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What is the spin connection in 9 dimensions as opposed to 5 dimensions?

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From Spin Connection in 5 dimensions I can define a massless fermion's covariant derivative on a curved manifold as $$ \nabla_\mu \psi = (\partial_\mu - {i \over 4} \omega_\mu^{ab} \sigma_{ab}) \psi \tag{1} $$ where $\sigma_{ab}$ are the dirac bilinears and $\omega_\mu^{ab}$ is the spin connection with three indices.

In 5 dimenions I have a $4\times 4$ spinor space, giving me three sets of irreducible matrices: $I$ as identity, $\gamma^a$ as monolinears, and $\sigma_{ab}=[\gamma_a,\gamma_b]$ as bilinears. This give me a total of $1+5+10=16$ matrices forming a complete set.

In 9 dimensions I can have $9=2(4)+1$, giving me a spinor space of $2^{(4)}\times 2^{(4)}=16\times 16$ creating additional irreducibles: $\sigma^{abc}=[\gamma^a,\gamma^b,\gamma^c]$ as trilinears and $\sigma^{abcd}=[\gamma^a,\gamma^b,\gamma^c,\gamma^d]$ as quadlinears. This gives me a total of $1+9+36+84+126=256$. These numbers were calculated from the binomial coefficients ( binomial[d,k] ) for the total number of kth-linears in $d$ spacial dimensions.

Since there are additional irreduciables in $9$ dimensions, not found in 5 dimensions, does my covariant derivative in Eq. 1 have additional terms? For example $$ \nabla_\mu \psi = \left(\partial_\mu - {i \over 4} \omega_\mu^{ab} \sigma_{ab} - {i \over 48} \omega_\mu^{abcd} \sigma_{abcd} \right) \psi \tag{2} $$ where $\omega_\mu^{abcd}$ is a new spin connection of 5 indices or is Eq. 1 still valid in $9$ dimesions?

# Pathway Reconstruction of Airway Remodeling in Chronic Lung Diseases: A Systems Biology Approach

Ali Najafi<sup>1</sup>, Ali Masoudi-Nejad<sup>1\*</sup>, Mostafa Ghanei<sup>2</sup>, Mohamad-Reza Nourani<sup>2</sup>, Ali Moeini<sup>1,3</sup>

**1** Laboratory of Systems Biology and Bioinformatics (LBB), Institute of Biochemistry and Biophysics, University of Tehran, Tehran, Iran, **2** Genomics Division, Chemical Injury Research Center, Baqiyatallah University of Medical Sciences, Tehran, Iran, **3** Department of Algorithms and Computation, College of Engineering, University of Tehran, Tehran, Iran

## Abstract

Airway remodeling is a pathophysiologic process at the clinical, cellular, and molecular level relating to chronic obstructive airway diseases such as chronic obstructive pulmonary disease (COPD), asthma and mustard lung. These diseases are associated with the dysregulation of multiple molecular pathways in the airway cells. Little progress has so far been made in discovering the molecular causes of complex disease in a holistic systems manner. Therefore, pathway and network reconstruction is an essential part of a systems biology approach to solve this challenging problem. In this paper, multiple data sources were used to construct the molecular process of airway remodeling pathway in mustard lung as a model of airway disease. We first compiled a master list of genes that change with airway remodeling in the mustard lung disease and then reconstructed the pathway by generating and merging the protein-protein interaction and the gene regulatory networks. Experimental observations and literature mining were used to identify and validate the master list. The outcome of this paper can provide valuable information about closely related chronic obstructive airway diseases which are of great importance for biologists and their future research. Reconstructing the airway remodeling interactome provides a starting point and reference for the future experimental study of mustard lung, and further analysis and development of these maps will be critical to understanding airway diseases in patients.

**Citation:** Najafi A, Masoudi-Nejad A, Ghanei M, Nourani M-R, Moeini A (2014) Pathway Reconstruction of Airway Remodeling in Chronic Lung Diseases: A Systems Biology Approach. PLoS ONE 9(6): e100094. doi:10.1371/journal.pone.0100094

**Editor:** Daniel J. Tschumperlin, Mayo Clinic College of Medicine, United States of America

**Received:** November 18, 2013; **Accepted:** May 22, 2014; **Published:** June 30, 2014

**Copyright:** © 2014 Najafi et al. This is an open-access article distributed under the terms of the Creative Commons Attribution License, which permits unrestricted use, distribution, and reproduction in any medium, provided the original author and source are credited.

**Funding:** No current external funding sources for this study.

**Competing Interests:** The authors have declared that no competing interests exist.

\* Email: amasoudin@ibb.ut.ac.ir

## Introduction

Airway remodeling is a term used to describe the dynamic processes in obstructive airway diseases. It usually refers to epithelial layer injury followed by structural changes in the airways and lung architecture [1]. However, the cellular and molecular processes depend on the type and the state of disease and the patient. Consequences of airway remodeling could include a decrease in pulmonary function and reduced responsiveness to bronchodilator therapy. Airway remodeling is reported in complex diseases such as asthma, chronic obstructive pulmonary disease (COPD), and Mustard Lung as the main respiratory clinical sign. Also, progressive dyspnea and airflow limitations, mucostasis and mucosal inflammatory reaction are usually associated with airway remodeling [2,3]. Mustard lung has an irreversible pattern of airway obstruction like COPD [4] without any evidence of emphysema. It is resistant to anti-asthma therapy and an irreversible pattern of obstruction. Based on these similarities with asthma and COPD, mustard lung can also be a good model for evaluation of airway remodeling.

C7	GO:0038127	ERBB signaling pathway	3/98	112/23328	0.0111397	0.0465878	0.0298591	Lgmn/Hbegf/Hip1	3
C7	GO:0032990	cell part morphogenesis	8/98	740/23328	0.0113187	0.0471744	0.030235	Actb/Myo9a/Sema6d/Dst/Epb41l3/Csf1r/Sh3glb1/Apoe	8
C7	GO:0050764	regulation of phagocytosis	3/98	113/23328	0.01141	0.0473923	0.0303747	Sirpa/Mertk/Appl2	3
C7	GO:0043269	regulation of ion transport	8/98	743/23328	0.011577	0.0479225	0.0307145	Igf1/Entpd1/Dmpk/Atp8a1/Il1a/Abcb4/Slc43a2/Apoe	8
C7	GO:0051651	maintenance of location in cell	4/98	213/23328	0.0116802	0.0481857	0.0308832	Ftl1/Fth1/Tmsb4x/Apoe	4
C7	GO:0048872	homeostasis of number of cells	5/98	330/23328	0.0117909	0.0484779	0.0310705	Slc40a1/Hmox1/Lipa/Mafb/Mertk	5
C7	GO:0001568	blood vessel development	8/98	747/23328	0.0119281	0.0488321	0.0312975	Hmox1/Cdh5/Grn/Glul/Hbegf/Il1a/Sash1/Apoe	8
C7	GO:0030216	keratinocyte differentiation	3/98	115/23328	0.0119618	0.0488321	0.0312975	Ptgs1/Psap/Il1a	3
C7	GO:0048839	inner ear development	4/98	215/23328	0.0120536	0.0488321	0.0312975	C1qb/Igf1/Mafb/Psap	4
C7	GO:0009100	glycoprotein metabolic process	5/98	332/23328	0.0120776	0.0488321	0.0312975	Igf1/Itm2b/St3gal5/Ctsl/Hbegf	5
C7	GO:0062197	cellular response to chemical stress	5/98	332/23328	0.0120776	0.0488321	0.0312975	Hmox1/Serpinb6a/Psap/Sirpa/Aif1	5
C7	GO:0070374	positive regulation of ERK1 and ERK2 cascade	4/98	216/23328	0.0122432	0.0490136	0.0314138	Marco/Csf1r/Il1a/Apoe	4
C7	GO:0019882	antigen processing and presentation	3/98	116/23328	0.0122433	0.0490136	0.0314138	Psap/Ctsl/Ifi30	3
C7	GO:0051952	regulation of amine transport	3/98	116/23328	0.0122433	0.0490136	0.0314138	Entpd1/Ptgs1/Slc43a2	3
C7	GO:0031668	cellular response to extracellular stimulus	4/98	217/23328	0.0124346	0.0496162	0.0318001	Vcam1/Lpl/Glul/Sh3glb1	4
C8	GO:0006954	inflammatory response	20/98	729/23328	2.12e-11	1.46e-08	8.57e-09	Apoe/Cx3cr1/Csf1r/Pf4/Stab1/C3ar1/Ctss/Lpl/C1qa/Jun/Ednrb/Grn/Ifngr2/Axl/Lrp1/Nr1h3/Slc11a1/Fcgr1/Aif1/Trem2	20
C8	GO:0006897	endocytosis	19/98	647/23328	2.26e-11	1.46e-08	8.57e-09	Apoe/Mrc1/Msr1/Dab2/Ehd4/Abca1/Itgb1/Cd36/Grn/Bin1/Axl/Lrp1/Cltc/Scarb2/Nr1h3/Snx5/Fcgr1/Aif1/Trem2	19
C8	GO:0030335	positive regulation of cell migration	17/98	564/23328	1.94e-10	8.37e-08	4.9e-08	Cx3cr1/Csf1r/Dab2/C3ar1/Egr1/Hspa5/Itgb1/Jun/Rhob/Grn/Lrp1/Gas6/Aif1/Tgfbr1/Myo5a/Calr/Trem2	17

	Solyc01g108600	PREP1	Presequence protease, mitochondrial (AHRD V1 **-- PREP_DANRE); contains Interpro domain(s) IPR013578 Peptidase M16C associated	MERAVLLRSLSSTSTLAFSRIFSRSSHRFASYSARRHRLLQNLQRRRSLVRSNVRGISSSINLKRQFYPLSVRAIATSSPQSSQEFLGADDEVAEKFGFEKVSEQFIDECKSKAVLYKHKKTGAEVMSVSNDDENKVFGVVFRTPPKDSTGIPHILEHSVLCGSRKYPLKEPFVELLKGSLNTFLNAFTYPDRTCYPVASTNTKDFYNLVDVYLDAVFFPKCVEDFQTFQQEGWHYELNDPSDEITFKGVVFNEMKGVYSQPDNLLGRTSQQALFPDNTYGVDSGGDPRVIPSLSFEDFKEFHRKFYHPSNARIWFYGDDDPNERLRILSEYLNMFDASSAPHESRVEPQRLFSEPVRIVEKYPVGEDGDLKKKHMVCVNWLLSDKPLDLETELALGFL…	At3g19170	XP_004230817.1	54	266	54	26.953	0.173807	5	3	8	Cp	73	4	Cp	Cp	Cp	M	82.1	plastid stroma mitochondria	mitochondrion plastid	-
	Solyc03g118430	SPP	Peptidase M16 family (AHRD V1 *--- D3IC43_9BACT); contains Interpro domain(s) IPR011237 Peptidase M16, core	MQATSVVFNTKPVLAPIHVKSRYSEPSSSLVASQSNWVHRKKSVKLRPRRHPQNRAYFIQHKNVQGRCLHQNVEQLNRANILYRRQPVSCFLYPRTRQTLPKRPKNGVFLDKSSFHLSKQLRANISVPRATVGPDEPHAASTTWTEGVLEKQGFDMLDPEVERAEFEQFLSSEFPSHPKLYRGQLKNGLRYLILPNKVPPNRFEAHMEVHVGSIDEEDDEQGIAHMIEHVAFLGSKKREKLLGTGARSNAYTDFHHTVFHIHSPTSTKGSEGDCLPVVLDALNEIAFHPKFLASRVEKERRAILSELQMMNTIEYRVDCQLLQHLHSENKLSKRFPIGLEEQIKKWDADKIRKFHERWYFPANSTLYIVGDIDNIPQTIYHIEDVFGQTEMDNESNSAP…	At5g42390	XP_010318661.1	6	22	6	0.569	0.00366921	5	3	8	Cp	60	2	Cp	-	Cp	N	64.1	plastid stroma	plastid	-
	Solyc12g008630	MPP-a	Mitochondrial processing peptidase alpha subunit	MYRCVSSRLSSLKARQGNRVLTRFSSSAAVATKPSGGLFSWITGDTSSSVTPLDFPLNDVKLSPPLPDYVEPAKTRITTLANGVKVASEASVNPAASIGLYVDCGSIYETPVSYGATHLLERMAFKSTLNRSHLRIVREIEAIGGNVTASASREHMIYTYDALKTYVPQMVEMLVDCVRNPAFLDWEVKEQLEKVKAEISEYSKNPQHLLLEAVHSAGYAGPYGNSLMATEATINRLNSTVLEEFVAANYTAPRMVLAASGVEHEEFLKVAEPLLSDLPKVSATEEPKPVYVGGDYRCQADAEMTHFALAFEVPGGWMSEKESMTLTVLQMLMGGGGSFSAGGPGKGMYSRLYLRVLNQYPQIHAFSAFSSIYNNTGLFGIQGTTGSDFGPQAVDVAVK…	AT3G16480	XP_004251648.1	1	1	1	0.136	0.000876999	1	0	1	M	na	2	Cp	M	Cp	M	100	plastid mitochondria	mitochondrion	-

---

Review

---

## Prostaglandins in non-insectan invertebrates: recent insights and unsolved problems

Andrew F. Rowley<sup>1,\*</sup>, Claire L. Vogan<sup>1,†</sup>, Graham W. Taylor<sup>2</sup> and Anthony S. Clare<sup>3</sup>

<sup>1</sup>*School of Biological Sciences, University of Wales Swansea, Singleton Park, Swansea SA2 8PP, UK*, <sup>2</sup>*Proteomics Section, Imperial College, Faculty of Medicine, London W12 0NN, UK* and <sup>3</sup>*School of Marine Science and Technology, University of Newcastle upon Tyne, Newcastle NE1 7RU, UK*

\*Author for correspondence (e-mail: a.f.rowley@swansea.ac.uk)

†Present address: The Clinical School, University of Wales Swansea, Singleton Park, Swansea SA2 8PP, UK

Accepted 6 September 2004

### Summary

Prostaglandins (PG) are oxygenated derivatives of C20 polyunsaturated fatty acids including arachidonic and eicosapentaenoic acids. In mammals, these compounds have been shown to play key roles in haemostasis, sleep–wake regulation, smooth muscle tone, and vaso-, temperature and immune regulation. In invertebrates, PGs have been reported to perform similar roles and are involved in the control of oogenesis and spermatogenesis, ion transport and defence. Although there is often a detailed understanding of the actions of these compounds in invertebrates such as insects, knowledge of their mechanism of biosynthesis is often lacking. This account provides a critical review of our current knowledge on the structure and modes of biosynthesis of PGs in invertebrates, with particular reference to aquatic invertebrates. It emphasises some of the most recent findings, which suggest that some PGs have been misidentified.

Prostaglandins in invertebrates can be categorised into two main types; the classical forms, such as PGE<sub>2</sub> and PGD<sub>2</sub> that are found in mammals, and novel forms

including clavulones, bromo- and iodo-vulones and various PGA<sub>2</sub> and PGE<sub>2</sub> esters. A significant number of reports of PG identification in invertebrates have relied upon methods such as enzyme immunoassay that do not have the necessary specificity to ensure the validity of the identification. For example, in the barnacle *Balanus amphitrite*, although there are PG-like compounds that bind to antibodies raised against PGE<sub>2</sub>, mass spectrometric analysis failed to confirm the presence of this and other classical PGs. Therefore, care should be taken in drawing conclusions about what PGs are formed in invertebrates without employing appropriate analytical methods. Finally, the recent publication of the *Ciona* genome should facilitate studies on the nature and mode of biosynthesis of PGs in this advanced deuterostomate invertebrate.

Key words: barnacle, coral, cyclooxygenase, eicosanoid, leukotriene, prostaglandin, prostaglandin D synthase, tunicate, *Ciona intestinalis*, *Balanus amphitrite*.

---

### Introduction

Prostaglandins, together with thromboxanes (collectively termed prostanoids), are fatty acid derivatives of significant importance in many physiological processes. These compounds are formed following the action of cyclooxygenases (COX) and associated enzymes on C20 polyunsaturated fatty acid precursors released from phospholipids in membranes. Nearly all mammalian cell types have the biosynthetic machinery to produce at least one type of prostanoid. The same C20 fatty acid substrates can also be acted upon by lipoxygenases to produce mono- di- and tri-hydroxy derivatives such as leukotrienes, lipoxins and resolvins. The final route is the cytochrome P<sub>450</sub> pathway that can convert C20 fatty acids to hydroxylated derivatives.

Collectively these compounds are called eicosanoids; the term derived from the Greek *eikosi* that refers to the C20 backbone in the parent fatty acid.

This post imported from StackExchange MathOverflow at 2015-12-18 20:42 (UTC), posted by SE-user linuxfreebird
asked Dec 15, 2015 in Theoretical Physics by linuxfreebird (5 points) [ no revision ]
retagged Dec 18, 2015
That wikipedia article does use 3+1 dimensional specific vocabulary where it does not need to.

This post imported from StackExchange MathOverflow at 2015-12-18 20:42 (UTC), posted by SE-user AHusain
1. In odd dimension $n$, the Clifford volume element acts as $\pm 1$, so the products of up to $\frac{n-1}2$ elements span $\mathrm{End}\Sigma$, if $\Sigma$ is the spinor module. 2. If your connection comes from a metric connection of the underlying space, you only need to correct by elements of length $2$ in the Clifford algebra.

This post imported from StackExchange MathOverflow at 2015-12-18 20:42 (UTC), posted by SE-user Sebastian Goette
@SebastianGoette Thanks for the comment. I am unsure why this question was down voted. May you provide a reference to a paper or book I can read that outlines a proof of why bilinears form a complete set for all coordinate transformations on the spinor?

This post imported from StackExchange MathOverflow at 2015-12-18 20:42 (UTC), posted by SE-user linuxfreebird
I would suggest the book by Lawson and Michelssohn. It is quite long though, so maybe you find a shorter one that does the job.

This post imported from StackExchange MathOverflow at 2015-12-18 20:42 (UTC), posted by SE-user Sebastian Goette
@SebastianGoette I read pages 101 to 135 of Spin Geometry as you suggested, and I was unable to find anything specific to the original topic in question. Sorry. May you suggest another book?

This post imported from StackExchange MathOverflow at 2015-12-18 20:42 (UTC), posted by SE-user linuxfreebird
@SebastianGoette I have a question. How does $\psi$ transform under coordinate transformation. Can we simplify its transformation using an infinitesimal transformation?

This post imported from StackExchange MathOverflow at 2015-12-18 20:42 (UTC), posted by SE-user linuxfreebird

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